For Whom the Bell Tolls Book Summary and Study Guide

Detailed plot synopsis reviews of For Whom the Bell Tolls

A tragic and magisterial portrayal of the Spanish Civil War as seen through the eyes of a young American, fighting on behalf of the doomed Republicans, who is tasked with blowing up a vital bridge on the eve of a major offensive. Robert Jordan should not be in Spain at the height of its Civil War. He is an American, and back home he was a teacher, not a soldier. But when the war broke out, and the Fascists under Franco sought to crush the democratically elected, left-leaning Republican government, Jordan enlisted with the International Brigades (made up mostly of Russians and a scattering of socialists and communists from other nations) and joined the fight.
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At the start of the novel, the war is at its height. Jordan has long proven himself a capable fighter and demolitions expert, but the Fascists are clearly winning and Jordan has just received his most dangerous mission yet: linking up with a group of Republican guerillas operating behind Fascist lines and blowing up a heavily guarded bridge in the middle of a mountain range. The objective is to prevent reinforcements from interfering with an all-out offensive planned for the following week, one that just might turn the tide of the war.

Jordan meets up with a peasant named Anselmo, who takes Jordan to the band of guerillas he will be working with. The group is small and under constant threat from roaming Fascist squads, but while they are still alive, which is no small feat, Jordan suspects that the nightmare grind is getting to them. Then Jordan meets Pablo, the group's official leader, and he understands why. Pablo has given up. Once a fearless and notorious warrior and leader, he sees the futility of what they are doing, what they have been doing, and he doesn't want any more of his comrades' deaths on his hands, let alone his own death. The operation to blow the bridge an admittedly reckless task just reinforces Pablo's opinion.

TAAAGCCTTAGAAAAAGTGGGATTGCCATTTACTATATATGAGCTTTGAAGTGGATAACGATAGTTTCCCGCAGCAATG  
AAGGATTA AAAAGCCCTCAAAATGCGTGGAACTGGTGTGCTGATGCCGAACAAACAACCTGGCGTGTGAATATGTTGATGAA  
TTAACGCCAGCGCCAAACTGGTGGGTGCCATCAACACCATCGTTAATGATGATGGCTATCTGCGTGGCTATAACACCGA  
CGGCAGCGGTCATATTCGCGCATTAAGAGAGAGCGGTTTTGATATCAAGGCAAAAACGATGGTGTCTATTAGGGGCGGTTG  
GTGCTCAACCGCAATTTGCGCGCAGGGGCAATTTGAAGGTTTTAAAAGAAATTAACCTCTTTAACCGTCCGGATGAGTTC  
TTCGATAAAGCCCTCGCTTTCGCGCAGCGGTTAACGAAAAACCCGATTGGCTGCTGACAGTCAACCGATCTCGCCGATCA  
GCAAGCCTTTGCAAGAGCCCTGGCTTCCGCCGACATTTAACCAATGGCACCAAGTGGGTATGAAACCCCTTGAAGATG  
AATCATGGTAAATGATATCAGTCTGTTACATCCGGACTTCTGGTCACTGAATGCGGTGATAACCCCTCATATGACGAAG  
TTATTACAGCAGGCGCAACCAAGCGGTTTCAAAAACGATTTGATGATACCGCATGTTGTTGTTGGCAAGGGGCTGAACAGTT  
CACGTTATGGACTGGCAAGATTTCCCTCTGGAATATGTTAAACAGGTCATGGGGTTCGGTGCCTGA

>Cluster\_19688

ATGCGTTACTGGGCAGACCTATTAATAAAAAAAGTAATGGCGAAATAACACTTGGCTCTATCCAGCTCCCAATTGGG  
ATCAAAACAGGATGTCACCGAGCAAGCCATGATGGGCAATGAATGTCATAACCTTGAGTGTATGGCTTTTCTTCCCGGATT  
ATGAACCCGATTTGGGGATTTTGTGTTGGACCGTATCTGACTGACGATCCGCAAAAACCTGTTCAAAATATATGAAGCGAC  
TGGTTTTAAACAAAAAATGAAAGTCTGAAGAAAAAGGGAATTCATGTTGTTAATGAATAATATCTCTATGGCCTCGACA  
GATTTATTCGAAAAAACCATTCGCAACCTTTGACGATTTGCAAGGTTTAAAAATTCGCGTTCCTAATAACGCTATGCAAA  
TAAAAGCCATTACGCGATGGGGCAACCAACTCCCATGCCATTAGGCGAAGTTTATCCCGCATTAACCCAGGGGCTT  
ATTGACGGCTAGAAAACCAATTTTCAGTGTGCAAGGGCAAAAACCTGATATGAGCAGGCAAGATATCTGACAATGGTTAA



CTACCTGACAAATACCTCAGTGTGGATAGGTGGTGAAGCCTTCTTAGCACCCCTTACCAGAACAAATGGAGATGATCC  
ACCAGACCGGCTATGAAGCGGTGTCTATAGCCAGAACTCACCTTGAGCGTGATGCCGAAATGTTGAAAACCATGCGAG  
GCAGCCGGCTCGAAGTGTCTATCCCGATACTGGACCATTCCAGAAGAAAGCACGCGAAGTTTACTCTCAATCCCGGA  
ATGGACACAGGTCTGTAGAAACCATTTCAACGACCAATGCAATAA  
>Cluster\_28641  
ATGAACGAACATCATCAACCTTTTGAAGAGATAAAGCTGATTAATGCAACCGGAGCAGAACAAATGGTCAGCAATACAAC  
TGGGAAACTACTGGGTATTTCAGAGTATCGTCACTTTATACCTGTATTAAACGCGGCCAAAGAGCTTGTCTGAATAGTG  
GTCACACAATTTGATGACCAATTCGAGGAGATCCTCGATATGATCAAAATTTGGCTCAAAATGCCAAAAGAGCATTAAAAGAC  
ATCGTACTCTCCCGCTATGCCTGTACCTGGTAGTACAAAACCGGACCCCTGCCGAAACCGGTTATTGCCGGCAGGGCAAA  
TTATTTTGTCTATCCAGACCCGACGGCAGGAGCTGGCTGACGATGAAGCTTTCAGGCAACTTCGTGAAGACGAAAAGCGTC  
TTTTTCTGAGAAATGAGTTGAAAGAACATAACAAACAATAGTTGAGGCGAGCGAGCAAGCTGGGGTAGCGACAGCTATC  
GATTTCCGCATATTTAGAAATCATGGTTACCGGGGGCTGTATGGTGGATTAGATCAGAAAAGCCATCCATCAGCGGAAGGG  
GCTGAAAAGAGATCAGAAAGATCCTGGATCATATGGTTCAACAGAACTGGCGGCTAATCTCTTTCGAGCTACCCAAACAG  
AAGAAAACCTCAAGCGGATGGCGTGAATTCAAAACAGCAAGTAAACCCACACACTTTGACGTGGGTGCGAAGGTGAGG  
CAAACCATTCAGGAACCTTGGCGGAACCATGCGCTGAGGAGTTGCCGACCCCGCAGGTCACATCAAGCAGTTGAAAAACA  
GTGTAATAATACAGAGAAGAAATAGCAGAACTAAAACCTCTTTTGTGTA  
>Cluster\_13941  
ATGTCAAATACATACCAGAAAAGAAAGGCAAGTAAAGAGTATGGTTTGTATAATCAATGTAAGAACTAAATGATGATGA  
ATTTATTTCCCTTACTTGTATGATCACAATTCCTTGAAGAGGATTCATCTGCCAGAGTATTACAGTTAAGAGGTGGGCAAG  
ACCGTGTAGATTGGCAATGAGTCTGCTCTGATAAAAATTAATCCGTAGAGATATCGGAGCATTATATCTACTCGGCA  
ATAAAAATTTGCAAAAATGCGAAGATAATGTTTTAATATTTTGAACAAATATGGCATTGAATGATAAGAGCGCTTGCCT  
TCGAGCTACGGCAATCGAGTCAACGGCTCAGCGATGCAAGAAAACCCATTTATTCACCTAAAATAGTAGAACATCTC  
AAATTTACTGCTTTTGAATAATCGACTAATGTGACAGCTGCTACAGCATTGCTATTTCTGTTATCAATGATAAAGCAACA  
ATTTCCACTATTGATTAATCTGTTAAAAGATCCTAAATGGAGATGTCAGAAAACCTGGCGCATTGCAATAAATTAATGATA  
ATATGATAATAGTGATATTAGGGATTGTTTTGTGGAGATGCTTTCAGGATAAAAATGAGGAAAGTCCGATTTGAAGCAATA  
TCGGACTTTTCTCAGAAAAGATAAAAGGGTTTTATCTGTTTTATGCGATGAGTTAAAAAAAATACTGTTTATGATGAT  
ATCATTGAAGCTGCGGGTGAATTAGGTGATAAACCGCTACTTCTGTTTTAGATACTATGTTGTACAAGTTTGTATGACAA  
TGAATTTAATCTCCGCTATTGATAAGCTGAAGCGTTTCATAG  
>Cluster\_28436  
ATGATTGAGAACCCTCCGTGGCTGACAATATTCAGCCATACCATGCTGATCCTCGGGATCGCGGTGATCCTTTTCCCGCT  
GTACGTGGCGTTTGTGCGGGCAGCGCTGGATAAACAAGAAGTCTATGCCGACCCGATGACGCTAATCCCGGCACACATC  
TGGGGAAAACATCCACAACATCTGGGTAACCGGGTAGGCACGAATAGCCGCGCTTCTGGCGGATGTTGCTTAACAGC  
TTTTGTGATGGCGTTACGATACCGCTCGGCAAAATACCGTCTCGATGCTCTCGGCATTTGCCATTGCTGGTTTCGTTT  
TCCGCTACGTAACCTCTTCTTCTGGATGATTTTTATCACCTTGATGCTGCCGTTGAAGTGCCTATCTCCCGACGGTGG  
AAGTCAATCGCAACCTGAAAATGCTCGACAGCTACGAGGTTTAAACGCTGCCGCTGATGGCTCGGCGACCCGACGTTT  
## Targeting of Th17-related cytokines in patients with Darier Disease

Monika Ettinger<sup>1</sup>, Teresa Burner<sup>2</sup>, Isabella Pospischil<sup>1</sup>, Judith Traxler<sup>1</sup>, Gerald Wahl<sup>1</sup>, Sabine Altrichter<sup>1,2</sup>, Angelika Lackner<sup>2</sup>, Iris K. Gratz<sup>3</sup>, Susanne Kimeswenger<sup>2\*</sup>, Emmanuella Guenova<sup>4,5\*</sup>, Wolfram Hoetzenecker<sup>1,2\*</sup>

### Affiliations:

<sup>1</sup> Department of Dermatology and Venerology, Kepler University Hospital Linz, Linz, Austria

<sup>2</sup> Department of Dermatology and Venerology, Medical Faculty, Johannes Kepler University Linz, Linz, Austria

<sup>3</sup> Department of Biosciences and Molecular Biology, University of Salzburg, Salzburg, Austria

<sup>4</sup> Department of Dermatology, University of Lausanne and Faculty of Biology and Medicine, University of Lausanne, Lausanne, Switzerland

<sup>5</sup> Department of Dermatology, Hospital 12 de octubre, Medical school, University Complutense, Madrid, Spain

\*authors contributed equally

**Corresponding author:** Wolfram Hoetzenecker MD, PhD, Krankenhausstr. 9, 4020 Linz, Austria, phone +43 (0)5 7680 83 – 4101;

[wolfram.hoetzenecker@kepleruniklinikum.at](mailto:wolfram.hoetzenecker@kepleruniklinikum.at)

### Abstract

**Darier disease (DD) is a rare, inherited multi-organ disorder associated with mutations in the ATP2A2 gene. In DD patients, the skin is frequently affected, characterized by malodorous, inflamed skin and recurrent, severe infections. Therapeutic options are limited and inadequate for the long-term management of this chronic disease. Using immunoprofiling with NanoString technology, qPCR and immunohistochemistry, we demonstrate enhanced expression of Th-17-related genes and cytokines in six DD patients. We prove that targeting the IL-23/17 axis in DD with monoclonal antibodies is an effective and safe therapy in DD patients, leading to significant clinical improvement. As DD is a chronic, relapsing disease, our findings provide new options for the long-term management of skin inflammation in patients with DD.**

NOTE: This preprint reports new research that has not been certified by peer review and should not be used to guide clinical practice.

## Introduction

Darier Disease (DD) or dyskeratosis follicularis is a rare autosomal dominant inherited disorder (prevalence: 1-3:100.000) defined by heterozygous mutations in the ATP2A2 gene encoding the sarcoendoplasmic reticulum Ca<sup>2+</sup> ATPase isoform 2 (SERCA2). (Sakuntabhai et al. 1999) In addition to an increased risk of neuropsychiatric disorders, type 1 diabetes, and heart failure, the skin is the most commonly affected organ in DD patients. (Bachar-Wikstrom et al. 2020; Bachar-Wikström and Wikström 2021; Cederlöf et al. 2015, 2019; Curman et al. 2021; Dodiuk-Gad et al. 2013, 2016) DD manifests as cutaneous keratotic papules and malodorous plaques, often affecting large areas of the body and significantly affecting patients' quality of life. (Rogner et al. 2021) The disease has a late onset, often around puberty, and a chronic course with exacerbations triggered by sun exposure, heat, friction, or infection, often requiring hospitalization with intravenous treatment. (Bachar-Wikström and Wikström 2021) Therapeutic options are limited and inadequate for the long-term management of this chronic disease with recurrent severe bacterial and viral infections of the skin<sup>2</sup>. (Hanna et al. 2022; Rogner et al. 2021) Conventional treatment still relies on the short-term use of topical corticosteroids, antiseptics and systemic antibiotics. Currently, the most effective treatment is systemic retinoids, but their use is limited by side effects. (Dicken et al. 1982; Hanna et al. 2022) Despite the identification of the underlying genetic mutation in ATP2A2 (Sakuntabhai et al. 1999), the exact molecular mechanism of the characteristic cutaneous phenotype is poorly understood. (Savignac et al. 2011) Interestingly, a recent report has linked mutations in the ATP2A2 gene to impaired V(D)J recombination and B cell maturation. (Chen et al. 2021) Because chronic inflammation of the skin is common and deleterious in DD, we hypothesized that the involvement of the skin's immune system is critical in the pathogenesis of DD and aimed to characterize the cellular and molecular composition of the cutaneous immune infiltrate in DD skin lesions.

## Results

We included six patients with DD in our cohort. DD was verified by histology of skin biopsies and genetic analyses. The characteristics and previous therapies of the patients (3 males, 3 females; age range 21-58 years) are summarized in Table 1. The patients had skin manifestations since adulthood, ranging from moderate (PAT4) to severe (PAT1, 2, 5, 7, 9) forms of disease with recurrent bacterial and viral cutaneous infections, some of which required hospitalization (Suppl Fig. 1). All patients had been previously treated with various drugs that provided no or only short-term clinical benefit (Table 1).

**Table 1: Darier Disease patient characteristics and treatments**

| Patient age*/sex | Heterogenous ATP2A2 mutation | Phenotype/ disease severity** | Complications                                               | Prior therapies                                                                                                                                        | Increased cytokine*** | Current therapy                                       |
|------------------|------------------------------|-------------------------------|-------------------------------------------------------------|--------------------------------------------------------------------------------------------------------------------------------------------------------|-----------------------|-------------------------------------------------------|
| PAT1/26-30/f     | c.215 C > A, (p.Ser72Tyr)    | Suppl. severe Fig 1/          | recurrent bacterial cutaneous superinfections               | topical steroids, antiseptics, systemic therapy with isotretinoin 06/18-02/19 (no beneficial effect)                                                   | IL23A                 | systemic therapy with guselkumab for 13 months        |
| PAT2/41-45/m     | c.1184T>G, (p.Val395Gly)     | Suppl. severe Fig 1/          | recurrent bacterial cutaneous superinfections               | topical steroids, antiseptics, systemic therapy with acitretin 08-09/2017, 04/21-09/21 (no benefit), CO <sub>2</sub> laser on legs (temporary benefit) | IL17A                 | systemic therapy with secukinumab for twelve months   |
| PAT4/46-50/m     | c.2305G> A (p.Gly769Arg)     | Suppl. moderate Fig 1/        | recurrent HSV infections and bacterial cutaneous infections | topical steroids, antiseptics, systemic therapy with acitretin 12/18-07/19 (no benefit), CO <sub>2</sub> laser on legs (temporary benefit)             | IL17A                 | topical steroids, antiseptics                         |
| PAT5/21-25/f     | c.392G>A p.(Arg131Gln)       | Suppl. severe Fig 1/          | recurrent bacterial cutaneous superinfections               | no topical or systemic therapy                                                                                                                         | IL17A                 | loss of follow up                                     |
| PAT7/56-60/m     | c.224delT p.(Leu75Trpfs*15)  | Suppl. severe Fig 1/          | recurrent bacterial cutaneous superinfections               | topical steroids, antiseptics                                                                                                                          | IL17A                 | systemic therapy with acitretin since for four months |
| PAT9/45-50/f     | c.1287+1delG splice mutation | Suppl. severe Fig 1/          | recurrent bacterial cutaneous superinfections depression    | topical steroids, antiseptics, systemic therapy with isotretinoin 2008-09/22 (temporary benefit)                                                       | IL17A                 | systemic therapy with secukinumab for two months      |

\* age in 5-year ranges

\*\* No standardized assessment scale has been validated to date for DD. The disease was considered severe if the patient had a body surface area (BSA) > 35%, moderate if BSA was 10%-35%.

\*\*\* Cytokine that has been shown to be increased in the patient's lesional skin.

But Pablo is not the only one in the group, and his wife, Pilar, sees things differently. She's no fool, and she understands the unlikelihood of success, short term or long, but surrender is also not a possibility for her. Thankfully for Jordan, Pilar is the de facto of the group. When Jordan explains the what and why of their mission, she agrees and gets the rest of the group to agree as well, including Maria, a beautiful young woman who was raped and left for dead by Fascist soldiers.

Over the next couple days, Jordan preps his explosives and scouts the area, planning his assault. He spends more time with Maria, and the two fall into the kind of intense, unreserved love possible only in a warzone. Meanwhile, several developments cause Jordan to doubt the efficacy of the bridge plan. A neighboring guerilla band is wiped out by a suspiciously strong and well-placed Fascist platoon, and Jordan notices heavy weaponry being moved into the surrounding mountains, as if preparing for an ambush.

It becomes clear to Jordan that the Fascists know the offensive is coming. Without the element of surprise, the Republicans will be annihilated. Knowing that the bridge attack is near-suicidal as it is, Jordan has become close enough to Pilar and Anselmo and, especially, Maria to not want to risk all their lives to blow a bridge in support of an offensive that will likely fail anyway. He sends a message back to the command headquarters telling them what he has deduced, but the Byzantine nonsense at HQ, with overlapping levels of authority by officers of several different nations, means that the message arrives too late to call off the offensive.